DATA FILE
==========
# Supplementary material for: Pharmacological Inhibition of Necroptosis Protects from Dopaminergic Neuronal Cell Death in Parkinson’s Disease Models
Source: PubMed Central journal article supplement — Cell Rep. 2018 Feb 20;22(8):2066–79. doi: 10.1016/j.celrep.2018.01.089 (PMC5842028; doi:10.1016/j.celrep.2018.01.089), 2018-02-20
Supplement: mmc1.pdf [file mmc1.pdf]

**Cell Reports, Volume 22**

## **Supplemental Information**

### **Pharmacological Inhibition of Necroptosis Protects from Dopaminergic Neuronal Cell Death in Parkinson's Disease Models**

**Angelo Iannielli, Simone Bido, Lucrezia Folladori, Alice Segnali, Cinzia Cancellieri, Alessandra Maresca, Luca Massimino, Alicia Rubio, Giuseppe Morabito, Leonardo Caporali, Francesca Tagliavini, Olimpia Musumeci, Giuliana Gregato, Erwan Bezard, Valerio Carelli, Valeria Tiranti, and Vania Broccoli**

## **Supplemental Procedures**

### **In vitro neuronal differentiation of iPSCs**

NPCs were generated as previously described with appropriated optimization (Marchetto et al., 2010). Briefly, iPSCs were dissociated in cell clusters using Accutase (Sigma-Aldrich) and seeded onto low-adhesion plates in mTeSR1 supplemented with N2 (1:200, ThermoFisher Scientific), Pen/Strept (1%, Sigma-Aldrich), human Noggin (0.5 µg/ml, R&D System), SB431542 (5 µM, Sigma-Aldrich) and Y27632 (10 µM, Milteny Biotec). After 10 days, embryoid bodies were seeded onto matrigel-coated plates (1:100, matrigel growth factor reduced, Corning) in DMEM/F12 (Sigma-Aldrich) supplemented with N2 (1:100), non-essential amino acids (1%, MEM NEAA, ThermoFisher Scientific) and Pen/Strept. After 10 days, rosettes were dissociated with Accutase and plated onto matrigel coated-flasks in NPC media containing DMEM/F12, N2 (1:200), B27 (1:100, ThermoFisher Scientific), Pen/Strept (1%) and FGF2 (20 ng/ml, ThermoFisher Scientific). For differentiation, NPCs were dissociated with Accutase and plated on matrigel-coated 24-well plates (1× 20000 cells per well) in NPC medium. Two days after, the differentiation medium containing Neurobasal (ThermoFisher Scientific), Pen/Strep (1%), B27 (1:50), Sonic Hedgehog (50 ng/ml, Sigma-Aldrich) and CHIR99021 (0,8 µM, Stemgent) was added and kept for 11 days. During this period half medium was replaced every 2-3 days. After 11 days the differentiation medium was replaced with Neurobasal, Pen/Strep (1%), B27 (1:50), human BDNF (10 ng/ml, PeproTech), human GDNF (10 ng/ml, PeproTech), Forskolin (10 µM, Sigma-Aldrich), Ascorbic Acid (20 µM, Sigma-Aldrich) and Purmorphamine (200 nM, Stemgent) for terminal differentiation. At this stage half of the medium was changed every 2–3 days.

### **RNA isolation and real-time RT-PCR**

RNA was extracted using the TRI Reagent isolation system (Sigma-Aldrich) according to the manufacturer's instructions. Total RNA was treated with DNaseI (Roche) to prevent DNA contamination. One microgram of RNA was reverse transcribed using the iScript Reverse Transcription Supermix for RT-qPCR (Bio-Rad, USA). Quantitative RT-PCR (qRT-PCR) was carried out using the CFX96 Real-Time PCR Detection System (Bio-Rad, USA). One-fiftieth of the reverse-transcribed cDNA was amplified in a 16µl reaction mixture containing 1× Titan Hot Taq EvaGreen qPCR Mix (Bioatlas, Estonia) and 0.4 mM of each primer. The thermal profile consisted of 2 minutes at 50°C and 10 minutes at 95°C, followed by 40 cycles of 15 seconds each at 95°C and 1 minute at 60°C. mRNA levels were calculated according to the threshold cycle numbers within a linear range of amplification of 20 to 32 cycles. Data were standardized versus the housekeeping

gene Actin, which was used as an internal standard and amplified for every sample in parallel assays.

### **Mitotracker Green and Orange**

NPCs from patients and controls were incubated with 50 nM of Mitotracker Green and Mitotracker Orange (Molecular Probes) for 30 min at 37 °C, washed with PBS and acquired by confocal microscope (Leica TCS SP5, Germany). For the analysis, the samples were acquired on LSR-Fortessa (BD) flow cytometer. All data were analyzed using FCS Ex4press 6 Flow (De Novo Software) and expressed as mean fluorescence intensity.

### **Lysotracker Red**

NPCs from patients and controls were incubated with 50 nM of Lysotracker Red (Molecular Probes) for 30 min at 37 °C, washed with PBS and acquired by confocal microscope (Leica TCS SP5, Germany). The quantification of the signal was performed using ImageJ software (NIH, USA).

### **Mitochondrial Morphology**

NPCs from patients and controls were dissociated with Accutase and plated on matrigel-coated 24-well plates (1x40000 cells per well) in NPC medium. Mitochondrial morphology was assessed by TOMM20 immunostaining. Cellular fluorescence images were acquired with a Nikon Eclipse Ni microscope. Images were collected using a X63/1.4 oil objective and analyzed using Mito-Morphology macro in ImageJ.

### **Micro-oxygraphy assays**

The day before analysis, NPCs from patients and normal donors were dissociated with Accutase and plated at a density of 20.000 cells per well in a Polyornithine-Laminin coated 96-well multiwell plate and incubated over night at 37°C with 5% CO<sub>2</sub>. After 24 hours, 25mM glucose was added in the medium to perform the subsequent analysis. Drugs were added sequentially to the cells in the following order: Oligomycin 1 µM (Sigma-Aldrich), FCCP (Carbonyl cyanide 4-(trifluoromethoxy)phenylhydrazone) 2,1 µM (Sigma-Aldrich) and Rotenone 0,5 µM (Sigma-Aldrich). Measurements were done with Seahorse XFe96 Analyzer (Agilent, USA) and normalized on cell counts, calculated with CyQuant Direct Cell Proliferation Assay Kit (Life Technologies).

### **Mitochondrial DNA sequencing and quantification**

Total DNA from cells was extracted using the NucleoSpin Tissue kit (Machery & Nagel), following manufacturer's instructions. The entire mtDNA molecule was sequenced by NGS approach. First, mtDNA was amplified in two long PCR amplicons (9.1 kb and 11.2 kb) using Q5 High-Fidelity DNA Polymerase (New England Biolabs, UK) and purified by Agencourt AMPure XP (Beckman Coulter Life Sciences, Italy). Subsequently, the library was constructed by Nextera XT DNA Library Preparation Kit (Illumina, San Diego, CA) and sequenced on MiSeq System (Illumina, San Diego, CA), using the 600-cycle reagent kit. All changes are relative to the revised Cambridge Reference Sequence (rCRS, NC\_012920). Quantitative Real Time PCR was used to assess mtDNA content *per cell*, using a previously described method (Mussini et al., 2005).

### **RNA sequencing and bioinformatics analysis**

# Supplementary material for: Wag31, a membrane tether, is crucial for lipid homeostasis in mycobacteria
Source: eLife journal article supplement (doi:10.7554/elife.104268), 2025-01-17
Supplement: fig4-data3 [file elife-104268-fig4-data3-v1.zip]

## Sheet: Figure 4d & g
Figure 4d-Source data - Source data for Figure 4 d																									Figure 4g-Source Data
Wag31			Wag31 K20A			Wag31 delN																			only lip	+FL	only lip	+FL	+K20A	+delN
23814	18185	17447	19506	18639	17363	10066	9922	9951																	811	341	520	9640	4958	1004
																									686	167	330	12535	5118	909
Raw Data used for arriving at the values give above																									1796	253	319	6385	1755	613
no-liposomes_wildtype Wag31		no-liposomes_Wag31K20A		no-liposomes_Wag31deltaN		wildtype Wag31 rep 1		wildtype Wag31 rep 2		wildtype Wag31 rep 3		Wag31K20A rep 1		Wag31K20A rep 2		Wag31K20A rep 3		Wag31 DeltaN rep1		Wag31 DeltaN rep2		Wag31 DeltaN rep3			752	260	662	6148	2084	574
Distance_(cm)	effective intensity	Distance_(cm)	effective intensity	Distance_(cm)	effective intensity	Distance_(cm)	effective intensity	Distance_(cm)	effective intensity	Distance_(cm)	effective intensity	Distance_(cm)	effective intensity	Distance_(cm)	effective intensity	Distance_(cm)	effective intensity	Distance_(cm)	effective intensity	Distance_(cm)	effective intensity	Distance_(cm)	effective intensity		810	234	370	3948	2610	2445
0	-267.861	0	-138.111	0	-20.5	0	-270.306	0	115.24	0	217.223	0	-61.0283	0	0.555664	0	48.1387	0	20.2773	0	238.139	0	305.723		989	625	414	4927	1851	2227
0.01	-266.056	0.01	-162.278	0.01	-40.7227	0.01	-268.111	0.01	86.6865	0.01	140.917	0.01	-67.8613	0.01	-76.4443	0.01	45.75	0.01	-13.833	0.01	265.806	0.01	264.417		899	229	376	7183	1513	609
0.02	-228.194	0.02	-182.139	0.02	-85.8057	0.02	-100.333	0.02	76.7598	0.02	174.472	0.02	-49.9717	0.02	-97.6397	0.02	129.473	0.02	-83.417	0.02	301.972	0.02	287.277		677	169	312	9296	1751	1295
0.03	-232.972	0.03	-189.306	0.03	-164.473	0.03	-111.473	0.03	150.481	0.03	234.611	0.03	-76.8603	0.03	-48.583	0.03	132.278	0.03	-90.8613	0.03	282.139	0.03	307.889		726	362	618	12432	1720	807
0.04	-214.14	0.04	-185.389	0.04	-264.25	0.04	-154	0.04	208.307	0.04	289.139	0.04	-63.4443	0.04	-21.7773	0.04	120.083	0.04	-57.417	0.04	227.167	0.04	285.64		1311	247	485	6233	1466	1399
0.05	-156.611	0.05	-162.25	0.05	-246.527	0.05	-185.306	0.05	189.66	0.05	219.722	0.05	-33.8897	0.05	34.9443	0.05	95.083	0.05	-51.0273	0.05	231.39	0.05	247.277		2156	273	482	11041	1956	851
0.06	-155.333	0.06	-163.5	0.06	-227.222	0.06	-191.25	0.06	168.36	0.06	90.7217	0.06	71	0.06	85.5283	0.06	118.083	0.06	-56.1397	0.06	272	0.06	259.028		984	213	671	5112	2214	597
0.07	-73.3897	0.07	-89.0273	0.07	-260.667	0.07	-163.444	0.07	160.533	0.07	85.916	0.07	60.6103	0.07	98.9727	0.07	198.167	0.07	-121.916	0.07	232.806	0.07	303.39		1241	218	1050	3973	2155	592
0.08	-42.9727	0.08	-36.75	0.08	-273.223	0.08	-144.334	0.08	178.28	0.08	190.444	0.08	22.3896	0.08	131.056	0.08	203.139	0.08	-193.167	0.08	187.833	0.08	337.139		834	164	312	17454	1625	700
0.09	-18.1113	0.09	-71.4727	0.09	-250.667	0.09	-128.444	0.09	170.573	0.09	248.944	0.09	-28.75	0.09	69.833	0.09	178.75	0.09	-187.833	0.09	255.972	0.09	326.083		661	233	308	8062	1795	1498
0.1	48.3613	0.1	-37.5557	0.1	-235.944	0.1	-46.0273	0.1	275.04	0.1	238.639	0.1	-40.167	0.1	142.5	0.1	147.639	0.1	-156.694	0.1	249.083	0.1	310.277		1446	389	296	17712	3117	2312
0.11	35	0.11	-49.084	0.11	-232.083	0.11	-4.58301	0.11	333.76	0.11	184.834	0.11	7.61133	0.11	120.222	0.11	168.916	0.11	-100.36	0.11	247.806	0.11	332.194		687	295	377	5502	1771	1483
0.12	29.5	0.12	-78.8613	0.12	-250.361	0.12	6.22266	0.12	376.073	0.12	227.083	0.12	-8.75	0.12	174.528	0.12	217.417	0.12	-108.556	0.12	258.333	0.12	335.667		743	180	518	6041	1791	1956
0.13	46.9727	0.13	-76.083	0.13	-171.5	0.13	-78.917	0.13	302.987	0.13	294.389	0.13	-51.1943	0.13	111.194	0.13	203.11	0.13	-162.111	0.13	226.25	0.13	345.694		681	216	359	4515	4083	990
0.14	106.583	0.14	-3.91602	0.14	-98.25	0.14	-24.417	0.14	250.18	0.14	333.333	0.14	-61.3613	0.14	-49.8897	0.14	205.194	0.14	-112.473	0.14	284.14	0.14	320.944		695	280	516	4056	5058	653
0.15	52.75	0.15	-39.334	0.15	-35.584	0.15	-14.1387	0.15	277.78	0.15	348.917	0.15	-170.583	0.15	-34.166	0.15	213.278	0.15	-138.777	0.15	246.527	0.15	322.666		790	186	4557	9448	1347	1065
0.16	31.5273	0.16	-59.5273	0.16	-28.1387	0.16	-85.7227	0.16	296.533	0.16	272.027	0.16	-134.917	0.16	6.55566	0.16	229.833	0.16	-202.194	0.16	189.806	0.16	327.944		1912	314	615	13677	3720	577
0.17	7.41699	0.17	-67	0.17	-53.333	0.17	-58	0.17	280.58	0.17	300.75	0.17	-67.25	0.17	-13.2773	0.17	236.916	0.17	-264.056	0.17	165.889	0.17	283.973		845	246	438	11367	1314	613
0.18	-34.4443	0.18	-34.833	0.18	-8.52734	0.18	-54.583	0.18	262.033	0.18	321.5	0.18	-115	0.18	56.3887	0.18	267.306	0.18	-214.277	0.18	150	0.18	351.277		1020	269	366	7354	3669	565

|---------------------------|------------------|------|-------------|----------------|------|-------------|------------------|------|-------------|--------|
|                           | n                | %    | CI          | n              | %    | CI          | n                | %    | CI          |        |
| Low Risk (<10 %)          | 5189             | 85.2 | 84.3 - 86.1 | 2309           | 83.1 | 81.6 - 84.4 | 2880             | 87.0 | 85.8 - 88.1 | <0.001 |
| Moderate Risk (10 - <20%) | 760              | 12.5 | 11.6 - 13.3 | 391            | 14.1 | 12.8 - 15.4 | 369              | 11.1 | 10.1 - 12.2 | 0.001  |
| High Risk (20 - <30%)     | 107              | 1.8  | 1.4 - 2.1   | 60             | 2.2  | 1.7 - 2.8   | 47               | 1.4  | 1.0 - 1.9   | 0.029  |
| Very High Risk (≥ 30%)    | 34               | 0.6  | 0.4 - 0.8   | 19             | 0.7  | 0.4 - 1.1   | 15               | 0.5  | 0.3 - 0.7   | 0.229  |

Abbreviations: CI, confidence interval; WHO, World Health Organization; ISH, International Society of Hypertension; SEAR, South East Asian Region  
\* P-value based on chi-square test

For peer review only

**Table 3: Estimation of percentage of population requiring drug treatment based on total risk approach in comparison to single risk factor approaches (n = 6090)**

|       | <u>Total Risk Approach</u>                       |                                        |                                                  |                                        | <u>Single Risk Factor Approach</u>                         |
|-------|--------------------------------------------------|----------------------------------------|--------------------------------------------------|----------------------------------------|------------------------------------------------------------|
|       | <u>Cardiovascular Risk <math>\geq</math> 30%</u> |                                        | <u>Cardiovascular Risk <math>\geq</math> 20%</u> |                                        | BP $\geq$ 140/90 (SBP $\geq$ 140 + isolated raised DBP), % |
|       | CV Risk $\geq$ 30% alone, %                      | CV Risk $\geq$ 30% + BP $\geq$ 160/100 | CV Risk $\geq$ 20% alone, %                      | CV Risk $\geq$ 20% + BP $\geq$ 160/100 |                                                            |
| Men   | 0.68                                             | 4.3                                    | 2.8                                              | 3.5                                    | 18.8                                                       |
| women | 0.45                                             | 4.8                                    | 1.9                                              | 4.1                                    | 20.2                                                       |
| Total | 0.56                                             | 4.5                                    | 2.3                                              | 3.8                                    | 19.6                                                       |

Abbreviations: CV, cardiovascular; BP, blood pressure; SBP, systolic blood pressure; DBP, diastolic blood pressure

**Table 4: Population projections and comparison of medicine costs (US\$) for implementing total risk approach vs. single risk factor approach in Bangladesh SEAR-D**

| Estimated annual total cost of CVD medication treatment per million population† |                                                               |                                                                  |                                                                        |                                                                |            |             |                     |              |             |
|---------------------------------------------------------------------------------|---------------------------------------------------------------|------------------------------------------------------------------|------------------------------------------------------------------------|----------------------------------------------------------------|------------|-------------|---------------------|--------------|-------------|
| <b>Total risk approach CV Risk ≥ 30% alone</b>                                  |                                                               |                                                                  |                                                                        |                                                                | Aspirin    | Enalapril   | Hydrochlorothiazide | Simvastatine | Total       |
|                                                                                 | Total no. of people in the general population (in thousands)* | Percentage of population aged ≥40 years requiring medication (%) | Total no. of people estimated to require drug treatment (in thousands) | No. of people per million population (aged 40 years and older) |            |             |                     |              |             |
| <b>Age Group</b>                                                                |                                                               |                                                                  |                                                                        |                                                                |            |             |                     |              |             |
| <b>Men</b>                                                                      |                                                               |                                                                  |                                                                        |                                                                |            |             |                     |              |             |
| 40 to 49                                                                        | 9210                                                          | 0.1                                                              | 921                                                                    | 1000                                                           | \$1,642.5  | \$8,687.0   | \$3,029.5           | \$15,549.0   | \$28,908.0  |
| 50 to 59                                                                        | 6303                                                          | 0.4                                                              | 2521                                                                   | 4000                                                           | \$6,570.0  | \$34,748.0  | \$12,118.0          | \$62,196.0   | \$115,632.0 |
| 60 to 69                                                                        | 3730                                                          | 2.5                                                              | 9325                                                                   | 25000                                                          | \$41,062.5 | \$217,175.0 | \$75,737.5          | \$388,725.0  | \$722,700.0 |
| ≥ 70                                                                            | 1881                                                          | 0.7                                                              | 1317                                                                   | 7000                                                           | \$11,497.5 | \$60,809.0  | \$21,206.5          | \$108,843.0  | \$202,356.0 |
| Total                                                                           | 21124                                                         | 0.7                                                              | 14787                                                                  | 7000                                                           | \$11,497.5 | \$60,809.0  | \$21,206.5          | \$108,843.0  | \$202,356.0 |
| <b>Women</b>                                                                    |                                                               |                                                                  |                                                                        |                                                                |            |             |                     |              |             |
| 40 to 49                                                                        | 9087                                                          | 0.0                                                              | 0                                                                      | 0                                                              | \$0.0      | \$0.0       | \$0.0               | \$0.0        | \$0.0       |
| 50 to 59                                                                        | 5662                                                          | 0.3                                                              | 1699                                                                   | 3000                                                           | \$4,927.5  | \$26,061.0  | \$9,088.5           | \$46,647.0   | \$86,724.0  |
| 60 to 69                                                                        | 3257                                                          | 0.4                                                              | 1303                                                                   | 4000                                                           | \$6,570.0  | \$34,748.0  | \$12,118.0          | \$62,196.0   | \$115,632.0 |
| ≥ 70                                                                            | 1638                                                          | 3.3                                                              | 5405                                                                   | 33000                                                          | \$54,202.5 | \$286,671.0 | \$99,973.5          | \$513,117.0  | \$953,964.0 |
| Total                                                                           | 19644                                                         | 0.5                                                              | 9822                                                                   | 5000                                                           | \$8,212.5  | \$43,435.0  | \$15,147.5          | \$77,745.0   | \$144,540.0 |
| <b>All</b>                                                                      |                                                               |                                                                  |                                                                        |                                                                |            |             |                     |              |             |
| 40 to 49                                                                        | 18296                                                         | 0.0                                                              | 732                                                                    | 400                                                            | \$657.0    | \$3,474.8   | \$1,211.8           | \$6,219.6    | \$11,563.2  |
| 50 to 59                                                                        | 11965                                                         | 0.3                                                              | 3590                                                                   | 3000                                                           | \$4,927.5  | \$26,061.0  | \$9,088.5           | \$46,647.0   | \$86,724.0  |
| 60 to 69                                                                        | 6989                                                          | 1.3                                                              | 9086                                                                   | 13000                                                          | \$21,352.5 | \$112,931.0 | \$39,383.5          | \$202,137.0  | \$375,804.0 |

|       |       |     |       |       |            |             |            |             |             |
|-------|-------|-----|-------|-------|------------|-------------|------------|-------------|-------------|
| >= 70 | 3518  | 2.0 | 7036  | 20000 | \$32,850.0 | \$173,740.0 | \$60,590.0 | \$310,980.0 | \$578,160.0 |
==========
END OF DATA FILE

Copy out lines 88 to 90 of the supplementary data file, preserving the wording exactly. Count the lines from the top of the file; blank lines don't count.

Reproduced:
| 60 to 69                                                                        | 3257                                                          | 0.4                                                              | 1303                                                                   | 4000                                                           | \$6,570.0  | \$34,748.0  | \$12,118.0          | \$62,196.0   | \$115,632.0 |
| ≥ 70                                                                            | 1638                                                          | 3.3                                                              | 5405                                                                   | 33000                                                          | \$54,202.5 | \$286,671.0 | \$99,973.5          | \$513,117.0  | \$953,964.0 |
| Total                                                                           | 19644                                                         | 0.5                                                              | 9822                                                                   | 5000                                                           | \$8,212.5  | \$43,435.0  | \$15,147.5          | \$77,745.0   | \$144,540.0 |